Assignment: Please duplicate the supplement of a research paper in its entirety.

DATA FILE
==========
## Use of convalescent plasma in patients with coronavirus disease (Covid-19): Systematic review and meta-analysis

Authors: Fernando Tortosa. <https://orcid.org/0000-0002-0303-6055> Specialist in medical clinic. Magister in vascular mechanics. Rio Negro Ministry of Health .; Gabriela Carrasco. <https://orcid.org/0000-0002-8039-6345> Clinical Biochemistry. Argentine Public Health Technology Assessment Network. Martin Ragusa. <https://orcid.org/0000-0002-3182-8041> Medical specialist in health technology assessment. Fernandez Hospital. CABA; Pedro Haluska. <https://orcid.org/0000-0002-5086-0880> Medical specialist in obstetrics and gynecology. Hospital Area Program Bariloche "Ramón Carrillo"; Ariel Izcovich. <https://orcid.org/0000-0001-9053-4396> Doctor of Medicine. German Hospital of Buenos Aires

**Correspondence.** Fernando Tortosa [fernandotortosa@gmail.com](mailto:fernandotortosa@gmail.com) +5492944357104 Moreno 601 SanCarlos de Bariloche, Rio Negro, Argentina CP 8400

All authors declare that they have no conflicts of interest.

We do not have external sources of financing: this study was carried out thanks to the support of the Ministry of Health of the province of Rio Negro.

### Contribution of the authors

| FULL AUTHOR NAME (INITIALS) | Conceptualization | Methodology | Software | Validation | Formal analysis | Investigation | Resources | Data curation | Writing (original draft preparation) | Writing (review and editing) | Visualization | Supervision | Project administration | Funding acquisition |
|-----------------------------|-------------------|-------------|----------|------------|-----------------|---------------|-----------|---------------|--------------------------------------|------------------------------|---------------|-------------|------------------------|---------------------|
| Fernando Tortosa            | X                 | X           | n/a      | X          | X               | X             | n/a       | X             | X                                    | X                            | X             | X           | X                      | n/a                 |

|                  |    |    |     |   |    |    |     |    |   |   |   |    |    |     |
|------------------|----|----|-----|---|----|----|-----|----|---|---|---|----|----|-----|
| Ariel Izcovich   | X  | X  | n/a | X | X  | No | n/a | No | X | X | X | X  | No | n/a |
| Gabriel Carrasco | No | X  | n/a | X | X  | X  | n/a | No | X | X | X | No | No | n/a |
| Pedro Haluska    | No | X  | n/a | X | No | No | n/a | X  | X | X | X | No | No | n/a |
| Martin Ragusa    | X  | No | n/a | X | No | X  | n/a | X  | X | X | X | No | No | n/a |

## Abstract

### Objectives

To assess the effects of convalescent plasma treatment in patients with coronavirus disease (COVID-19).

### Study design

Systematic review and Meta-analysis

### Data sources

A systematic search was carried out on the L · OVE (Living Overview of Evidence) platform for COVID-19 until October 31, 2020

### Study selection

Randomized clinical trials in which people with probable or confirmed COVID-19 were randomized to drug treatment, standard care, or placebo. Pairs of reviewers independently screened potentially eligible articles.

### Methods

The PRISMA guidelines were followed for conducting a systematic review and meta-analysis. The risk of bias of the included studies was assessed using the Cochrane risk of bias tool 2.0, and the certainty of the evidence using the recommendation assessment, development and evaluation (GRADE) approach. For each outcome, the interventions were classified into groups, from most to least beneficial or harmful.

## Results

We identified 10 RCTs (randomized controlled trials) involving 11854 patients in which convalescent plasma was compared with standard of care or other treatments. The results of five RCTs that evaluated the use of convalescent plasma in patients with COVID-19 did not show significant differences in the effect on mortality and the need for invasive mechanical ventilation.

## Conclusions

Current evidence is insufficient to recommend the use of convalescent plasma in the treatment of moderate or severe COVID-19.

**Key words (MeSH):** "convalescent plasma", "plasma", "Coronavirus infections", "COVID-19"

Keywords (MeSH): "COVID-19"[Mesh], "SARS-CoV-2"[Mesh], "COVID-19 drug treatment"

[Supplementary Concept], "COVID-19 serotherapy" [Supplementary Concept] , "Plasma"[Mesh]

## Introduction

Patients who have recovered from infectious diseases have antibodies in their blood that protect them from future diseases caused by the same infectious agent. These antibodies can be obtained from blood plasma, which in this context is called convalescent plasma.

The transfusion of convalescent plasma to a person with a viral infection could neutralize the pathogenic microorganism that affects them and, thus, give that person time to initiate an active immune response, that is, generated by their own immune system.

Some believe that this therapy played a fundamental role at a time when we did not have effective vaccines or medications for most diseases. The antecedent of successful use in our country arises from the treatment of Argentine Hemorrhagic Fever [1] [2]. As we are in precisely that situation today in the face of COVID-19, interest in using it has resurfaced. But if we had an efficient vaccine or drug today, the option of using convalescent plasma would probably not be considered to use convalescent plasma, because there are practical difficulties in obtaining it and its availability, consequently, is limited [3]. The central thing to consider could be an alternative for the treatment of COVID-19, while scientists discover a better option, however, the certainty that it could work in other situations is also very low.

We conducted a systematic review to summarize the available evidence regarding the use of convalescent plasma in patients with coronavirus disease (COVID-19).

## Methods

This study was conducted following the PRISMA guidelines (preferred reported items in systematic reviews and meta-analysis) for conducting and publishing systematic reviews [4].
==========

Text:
## Use of convalescent plasma in patients with coronavirus disease (Covid-19): Systematic review and meta-analysis

Authors: Fernando Tortosa. <https://orcid.org/0000-0002-0303-6055> Specialist in medical clinic. Magister in vascular mechanics. Rio Negro Ministry of Health .; Gabriela Carrasco. <https://orcid.org/0000-0002-8039-6345> Clinical Biochemistry. Argentine Public Health Technology Assessment Network. Martin Ragusa. <https://orcid.org/0000-0002-3182-8041> Medical specialist in health technology assessment. Fernandez Hospital. CABA; Pedro Haluska. <https://orcid.org/0000-0002-5086-0880> Medical specialist in obstetrics and gynecology. Hospital Area Program Bariloche "Ramón Carrillo"; Ariel Izcovich. <https://orcid.org/0000-0001-9053-4396> Doctor of Medicine. German Hospital of Buenos Aires

**Correspondence.** Fernando Tortosa [fernandotortosa@gmail.com](mailto:fernandotortosa@gmail.com) +5492944357104 Moreno 601 SanCarlos de Bariloche, Rio Negro, Argentina CP 8400

All authors declare that they have no conflicts of interest.

We do not have external sources of financing: this study was carried out thanks to the support of the Ministry of Health of the province of Rio Negro.

### Contribution of the authors

| FULL AUTHOR NAME (INITIALS) | Conceptualization | Methodology | Software | Validation | Formal analysis | Investigation | Resources | Data curation | Writing (original draft preparation) | Writing (review and editing) | Visualization | Supervision | Project administration | Funding acquisition |
|-----------------------------|-------------------|-------------|----------|------------|-----------------|---------------|-----------|---------------|--------------------------------------|------------------------------|---------------|-------------|------------------------|---------------------|
| Fernando Tortosa            | X                 | X           | n/a      | X          | X               | X             | n/a       | X             | X                                    | X                            | X             | X           | X                      | n/a                 |

|                  |    |    |     |   |    |    |     |    |   |   |   |    |    |     |
|------------------|----|----|-----|---|----|----|-----|----|---|---|---|----|----|-----|
| Ariel Izcovich   | X  | X  | n/a | X | X  | No | n/a | No | X | X | X | X  | No | n/a |
| Gabriel Carrasco | No | X  | n/a | X | X  | X  | n/a | No | X | X | X | No | No | n/a |
| Pedro Haluska    | No | X  | n/a | X | No | No | n/a | X  | X | X | X | No | No | n/a |
| Martin Ragusa    | X  | No | n/a | X | No | X  | n/a | X  | X | X | X | No | No | n/a |

## Abstract

### Objectives

To assess the effects of convalescent plasma treatment in patients with coronavirus disease (COVID-19).

### Study design

Systematic review and Meta-analysis

### Data sources

A systematic search was carried out on the L · OVE (Living Overview of Evidence) platform for COVID-19 until October 31, 2020

### Study selection

Randomized clinical trials in which people with probable or confirmed COVID-19 were randomized to drug treatment, standard care, or placebo. Pairs of reviewers independently screened potentially eligible articles.

### Methods

The PRISMA guidelines were followed for conducting a systematic review and meta-analysis. The risk of bias of the included studies was assessed using the Cochrane risk of bias tool 2.0, and the certainty of the evidence using the recommendation assessment, development and evaluation (GRADE) approach. For each outcome, the interventions were classified into groups, from most to least beneficial or harmful.

## Results

We identified 10 RCTs (randomized controlled trials) involving 11854 patients in which convalescent plasma was compared with standard of care or other treatments. The results of five RCTs that evaluated the use of convalescent plasma in patients with COVID-19 did not show significant differences in the effect on mortality and the need for invasive mechanical ventilation.

## Conclusions

Current evidence is insufficient to recommend the use of convalescent plasma in the treatment of moderate or severe COVID-19.

**Key words (MeSH):** "convalescent plasma", "plasma", "Coronavirus infections", "COVID-19"

Keywords (MeSH): "COVID-19"[Mesh], "SARS-CoV-2"[Mesh], "COVID-19 drug treatment"

[Supplementary Concept], "COVID-19 serotherapy" [Supplementary Concept] , "Plasma"[Mesh]

## Introduction

Patients who have recovered from infectious diseases have antibodies in their blood that protect them from future diseases caused by the same infectious agent. These antibodies can be obtained from blood plasma, which in this context is called convalescent plasma.

The transfusion of convalescent plasma to a person with a viral infection could neutralize the pathogenic microorganism that affects them and, thus, give that person time to initiate an active immune response, that is, generated by their own immune system.

Some believe that this therapy played a fundamental role at a time when we did not have effective vaccines or medications for most diseases. The antecedent of successful use in our country arises from the treatment of Argentine Hemorrhagic Fever [1] [2]. As we are in precisely that situation today in the face of COVID-19, interest in using it has resurfaced. But if we had an efficient vaccine or drug today, the option of using convalescent plasma would probably not be considered to use convalescent plasma, because there are practical difficulties in obtaining it and its availability, consequently, is limited [3]. The central thing to consider could be an alternative for the treatment of COVID-19, while scientists discover a better option, however, the certainty that it could work in other situations is also very low.

We conducted a systematic review to summarize the available evidence regarding the use of convalescent plasma in patients with coronavirus disease (COVID-19).

## Methods

This study was conducted following the PRISMA guidelines (preferred reported items in systematic reviews and meta-analysis) for conducting and publishing systematic reviews [4].